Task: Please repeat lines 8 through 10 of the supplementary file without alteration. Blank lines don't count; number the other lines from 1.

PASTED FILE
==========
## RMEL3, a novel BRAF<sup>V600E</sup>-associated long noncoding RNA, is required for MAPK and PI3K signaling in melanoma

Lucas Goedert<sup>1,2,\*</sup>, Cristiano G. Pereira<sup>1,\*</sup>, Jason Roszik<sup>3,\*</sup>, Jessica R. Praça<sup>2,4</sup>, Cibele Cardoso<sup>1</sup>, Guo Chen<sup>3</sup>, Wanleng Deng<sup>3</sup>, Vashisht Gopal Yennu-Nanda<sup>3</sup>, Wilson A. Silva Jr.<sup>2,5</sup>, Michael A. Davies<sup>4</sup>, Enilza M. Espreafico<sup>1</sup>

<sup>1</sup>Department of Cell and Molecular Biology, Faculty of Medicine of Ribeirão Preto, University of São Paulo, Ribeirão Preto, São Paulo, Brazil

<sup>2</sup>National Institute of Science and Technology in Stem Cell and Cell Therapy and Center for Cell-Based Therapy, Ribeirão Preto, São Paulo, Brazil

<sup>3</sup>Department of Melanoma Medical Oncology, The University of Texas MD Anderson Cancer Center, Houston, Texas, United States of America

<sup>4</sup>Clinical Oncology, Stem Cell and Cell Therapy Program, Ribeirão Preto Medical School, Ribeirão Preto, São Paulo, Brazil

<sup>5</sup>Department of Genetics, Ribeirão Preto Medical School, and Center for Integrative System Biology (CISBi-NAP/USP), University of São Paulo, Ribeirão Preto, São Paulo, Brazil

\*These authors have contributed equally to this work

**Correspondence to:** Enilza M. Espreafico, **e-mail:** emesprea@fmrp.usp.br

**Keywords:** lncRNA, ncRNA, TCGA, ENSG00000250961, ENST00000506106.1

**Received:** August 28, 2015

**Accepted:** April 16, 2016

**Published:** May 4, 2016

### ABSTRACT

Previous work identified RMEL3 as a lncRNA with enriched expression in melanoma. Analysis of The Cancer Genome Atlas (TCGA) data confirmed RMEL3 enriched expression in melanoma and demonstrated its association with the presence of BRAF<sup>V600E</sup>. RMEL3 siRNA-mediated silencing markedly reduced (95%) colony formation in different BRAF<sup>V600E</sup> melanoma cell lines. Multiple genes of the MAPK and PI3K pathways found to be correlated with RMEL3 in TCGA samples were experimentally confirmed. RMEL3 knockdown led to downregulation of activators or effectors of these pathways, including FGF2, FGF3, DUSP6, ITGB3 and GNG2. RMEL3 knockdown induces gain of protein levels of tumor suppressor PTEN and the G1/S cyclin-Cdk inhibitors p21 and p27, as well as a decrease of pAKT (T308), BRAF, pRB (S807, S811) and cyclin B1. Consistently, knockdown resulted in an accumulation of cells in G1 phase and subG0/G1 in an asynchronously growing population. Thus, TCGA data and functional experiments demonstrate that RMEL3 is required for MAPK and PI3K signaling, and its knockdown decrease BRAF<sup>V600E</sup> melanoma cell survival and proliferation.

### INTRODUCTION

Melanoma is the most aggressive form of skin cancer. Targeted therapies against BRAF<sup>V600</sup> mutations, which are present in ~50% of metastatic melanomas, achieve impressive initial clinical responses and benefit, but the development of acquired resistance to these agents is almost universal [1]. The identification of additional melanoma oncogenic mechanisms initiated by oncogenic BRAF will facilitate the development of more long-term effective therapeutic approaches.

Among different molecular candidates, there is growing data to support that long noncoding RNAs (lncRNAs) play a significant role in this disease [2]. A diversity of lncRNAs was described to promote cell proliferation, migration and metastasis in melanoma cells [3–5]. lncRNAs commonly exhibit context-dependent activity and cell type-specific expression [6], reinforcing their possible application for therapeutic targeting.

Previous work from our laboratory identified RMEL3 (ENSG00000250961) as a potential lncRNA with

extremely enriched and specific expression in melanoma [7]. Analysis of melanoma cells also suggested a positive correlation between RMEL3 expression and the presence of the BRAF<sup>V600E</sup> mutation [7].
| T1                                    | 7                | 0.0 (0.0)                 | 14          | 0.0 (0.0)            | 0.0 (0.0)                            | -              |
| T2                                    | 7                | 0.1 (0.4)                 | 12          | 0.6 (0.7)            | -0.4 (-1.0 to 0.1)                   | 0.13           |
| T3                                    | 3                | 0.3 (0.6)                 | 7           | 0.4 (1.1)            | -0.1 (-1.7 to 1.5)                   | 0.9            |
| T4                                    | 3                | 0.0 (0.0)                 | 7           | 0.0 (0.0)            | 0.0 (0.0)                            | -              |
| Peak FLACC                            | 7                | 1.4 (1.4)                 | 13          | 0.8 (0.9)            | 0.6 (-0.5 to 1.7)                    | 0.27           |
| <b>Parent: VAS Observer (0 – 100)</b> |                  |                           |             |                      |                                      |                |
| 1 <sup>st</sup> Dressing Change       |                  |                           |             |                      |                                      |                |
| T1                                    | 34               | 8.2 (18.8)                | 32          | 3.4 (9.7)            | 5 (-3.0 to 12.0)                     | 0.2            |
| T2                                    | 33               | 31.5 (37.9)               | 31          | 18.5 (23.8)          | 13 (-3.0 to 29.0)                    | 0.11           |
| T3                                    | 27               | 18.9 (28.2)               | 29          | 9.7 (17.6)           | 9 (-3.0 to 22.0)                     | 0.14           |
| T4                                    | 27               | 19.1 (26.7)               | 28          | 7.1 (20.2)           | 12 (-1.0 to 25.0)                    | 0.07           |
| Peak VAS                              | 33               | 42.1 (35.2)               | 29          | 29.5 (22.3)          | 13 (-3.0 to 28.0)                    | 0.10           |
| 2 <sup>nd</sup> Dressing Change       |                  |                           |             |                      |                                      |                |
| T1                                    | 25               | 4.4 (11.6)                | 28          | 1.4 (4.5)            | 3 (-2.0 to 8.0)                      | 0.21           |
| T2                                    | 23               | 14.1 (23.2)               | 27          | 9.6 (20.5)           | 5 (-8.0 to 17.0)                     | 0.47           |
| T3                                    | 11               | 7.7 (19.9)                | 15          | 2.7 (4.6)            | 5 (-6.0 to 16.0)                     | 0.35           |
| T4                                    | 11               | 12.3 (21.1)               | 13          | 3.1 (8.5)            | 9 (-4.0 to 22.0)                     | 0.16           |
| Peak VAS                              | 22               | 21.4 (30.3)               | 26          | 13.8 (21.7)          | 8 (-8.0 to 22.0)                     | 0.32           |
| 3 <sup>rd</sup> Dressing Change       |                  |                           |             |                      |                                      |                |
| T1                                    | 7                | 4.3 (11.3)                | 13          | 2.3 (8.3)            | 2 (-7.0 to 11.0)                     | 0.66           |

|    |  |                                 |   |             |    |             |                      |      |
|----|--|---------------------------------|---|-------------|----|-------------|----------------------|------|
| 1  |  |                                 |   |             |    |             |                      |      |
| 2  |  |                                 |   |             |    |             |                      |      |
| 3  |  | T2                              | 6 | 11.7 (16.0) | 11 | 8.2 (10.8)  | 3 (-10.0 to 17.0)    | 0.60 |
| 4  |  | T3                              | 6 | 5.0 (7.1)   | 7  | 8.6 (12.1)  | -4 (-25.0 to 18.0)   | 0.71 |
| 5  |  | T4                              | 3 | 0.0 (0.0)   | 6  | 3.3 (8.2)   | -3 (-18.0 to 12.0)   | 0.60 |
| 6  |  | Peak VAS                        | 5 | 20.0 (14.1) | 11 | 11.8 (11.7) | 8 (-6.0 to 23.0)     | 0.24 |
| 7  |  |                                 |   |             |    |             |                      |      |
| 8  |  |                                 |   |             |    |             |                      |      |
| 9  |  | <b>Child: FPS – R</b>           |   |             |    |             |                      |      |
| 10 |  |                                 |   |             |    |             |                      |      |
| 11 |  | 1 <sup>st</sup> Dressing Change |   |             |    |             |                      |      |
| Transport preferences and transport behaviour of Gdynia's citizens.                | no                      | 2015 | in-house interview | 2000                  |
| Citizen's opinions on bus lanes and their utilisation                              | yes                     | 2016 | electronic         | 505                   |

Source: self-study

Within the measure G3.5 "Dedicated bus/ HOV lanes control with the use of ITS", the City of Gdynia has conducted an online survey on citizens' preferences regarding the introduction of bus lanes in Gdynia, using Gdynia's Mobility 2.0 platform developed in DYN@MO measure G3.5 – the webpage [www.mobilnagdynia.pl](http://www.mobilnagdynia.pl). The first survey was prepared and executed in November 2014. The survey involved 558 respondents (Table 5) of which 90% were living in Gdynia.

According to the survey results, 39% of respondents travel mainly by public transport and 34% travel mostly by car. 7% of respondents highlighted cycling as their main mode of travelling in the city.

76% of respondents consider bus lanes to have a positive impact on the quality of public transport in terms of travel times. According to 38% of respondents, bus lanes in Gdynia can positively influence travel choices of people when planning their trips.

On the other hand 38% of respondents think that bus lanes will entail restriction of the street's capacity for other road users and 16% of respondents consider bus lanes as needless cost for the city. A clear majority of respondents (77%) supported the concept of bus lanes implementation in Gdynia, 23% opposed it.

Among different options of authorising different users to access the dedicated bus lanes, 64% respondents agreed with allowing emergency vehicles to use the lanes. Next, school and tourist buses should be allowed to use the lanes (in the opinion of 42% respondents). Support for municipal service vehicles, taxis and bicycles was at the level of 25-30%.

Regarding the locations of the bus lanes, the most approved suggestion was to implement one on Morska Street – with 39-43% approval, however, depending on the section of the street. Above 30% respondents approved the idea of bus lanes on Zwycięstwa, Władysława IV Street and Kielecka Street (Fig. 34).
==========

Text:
\*These authors have contributed equally to this work

**Correspondence to:** Enilza M. Espreafico, **e-mail:** emesprea@fmrp.usp.br

**Keywords:** lncRNA, ncRNA, TCGA, ENSG00000250961, ENST00000506106.1